Ikuko Fujihira, Noel Polk, and Hisao Tanaka eds.
History and Memory in Faulkner’s Novels
Tokyo, Shohakusha Publishing Company, 2005.x+303pp.

Patrick Samway

     When Faulkner scholars met at Chuo University in Tokyo in June 2004 on the occasion of the second International Faulkner Symposium in that city, an event that traces its origins back to March 1980, when the late Michel Gresset of the University of Paris VII and I organized the first such symposium in Paris, they paid tribute to William Faulkner, whose three-week visit to Japan in August 1955 left an indelible mark not only on the literati, such as Yasunari Kawabata and Shohei Ohoka, but on emerging faculty, such as Kenzaburo Ohashi, whose honed analytic skills prompted young Japanese students to see Faulkner’s global appeal. In 1978, the Japanese Faulkner journal, William Faulkner: Material, Studies, and Criticism, started appearing on a regular basis and lasted for seven years. Interest in Faulkner culminated in the founding of the William Faulkner Society of Japan in May 1998, which published both a printed Faulkner journal and an English version on the Internet. Continuing this impressive scholarship, History and Memory in Faulkner’s Novels presents the papers of seven Japanese and of five non-Japanese scholars given at Chuo University, dramatically witnessing to the hermeneutical cross fertilization that has taken place over the years.
     In her fine introduction, co-editor Ikuko Fujihira places Faulkner’s visit in its historical perspective, grappling, above all, with a significant question: Who is Faulkner for the Japanese? To a great extent, the Japanese, it seems to me, are trying to locate and relocate the works of Faulkner as both they and Faulkner’s texts travel back and forth across the Pacific (and Atlantic, for that matter), altering the ever-changing nature of the intercontinental literary landscape and mindscape. Let me focus briefly on three of these excellent essays. In Part One of this collection, which includes essays by Hisao Tanaka on “History, Memory, and ‘Rememoration’: Faulkner’s Civil War Spectrology and Quentin Compson,” Toshio Koyama on T.S. Eliot’s “The Waste Land” and Flags in the Dust; and Michael Zeitlin on the uncanny and the opaque in Faulkner’s historical memory, Hee Kang, of Daegu University in South Korea, centers her argument in “Memory and the Past in The Sound and the Fury: Narrative of Loss, Desire, and Death,” on “memory as a subjective reservoir of the past,” which deals with the unfulfilled desires of the three Compson narrators in particular, leading in Quentin’s case to an excruciating and cataclysmic loss—and ultimately his futile death. The past and present offer Quentin no solace, only torment and darkness, as poignantly portrayed in the scene in which he holds a knife to Caddy’s throat, attempting a death pact for both of them. Quentin’s inconsolable self in the process of dissolution ironically becomes, when all is said and done, the novel’s authoritative source.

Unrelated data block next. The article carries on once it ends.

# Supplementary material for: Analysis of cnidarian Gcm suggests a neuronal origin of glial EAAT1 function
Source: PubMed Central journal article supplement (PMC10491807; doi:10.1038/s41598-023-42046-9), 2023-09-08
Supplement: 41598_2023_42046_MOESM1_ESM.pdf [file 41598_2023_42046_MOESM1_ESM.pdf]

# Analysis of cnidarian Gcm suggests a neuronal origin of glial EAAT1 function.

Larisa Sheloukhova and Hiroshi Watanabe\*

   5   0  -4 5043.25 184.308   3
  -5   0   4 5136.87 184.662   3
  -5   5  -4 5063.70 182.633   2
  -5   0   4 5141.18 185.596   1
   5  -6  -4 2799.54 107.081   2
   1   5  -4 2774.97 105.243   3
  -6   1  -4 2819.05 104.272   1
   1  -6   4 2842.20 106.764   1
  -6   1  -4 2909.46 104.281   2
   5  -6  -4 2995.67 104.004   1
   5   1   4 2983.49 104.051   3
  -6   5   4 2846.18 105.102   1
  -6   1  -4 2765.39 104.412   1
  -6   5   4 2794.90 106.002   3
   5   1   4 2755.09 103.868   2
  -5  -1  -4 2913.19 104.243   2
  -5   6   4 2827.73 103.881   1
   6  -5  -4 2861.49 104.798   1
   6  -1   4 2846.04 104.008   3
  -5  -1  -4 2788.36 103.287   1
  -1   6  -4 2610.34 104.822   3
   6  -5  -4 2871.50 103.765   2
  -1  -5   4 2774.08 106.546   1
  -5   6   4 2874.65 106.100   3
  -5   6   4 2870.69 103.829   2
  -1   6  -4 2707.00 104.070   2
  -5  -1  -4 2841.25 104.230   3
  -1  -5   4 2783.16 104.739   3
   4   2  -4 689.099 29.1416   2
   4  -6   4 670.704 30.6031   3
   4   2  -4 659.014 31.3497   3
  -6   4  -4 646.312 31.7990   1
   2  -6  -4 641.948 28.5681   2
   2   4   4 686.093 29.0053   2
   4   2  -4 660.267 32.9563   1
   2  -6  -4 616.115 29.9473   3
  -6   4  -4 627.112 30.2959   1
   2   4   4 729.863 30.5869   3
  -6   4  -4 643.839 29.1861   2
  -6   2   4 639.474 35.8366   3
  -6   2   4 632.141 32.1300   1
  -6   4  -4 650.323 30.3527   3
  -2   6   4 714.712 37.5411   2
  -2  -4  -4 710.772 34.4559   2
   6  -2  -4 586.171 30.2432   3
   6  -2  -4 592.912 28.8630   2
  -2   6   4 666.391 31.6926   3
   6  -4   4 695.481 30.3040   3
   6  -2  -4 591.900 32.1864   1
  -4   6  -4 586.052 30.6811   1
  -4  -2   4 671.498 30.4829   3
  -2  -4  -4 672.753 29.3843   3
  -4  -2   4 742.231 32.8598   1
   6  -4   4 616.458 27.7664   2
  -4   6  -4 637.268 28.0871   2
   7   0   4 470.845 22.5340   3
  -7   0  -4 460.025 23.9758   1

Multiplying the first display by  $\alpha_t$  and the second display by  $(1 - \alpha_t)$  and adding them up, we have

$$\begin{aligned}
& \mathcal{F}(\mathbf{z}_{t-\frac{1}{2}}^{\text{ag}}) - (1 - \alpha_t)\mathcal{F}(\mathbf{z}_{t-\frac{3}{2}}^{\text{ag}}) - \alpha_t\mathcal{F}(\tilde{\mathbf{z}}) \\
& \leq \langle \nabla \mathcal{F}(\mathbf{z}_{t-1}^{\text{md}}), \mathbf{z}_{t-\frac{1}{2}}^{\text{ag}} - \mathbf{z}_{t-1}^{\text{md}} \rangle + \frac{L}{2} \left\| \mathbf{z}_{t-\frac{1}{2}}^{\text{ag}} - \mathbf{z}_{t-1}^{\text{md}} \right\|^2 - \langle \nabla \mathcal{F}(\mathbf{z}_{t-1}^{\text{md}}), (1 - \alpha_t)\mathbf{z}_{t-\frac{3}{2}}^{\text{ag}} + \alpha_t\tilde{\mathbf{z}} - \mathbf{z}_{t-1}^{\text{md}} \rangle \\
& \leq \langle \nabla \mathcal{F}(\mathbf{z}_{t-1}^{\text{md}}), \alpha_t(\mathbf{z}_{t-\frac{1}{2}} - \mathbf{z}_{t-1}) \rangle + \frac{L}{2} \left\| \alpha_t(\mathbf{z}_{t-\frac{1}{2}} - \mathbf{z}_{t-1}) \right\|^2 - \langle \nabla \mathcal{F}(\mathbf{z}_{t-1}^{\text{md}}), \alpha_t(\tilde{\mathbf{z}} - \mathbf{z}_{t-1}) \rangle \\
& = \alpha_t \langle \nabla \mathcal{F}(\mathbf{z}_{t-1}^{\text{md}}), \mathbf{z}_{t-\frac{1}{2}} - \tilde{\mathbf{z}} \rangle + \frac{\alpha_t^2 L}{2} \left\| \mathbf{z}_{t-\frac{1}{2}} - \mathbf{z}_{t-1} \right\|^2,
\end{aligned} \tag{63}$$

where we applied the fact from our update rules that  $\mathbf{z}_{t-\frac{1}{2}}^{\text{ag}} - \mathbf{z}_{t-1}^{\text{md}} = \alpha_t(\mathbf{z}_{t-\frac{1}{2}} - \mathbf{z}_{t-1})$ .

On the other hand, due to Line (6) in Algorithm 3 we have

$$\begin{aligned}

Of the four essays dealing with reading history in Part Two, including Takuya Niiro’s on Thomas Sutpen’s morality; Eiko Owada’s on history and memory in “Carcassonne” and “Black Music”; and Takaki Hiraishi’s on Darl Bundren and Quentin Compson as clairvoyant narrators, Noel Polk, editor of the Library of America texts on Faulkner, among his many scholarly achievements, amplifies in “Reading Blood and History in Go Down, Moses” a corrective interpretation of the ledgers in this novel that he and Richard Godden first articulated in the spring of 2002. In considering Isaac McCaslin’s role in this novel, particularly the renunciation of his birthright, one should not discount the homosexual aspects of this text—some not so apparent, as in the actions of Uncle Buck and Uncle Buddy, while others, as in the case of Percival Brownlee, are more obvious. Like a good literary detective, Polk allows the evidence in the ledgers, often cryptic and ambiguous, to emerge and establish patterns that lead to reasonable and considerate analyses that disclose the novel’s marvelously unsettling dynamism.
     The last essays in Part Three, dealing with collective memory, include Takako Tanaka’s on funeral processions in As I Lay Dying and Go Down, Moses; Thadious Davis’s on “The Race for Memory: Raced Property as Monument in Go Down, Moses”; and Ikuko Fujihira’s on the theater for forgotten scenes in Requiem for a Nun, in addition to Nicole Moulinoux’s on “The French Architect as lieu de mémoire: The Circulation of the Memory of History in “Evangeline,” Absalom, Absalom!, and Requiem for a Nun,” which deftly traces one of Faulkner’s more elusive (and inoperative) characters. Professor Moulinoux, President of the William Faulkner Foundation in Rennes, France, notes that this architect “crystallizes the tensions in French history between two successive yet conflicting periods”: the French colonial past leading to the 1789 French Revolution (alluded to in Absalom, Absalom!) and the extension of Napoleon’s empire (part of the apperceptive background of Requiem for a Nun). A visitor to France in a formative period of his life, which provided the conceptual basis of A Fable, Faulkner, as Moulinoux notes, created this architect to serve his own narcissistic urges, as he dreamt of military and artistic grandeur.
     Faulkner, I secretly think, would have been delighted to see how his 1955 visit to Japan provided the catalyst for the eloquent literary discernment as expressed in this volume of 12 essays.

Copyright (c)2007 Patrick Samway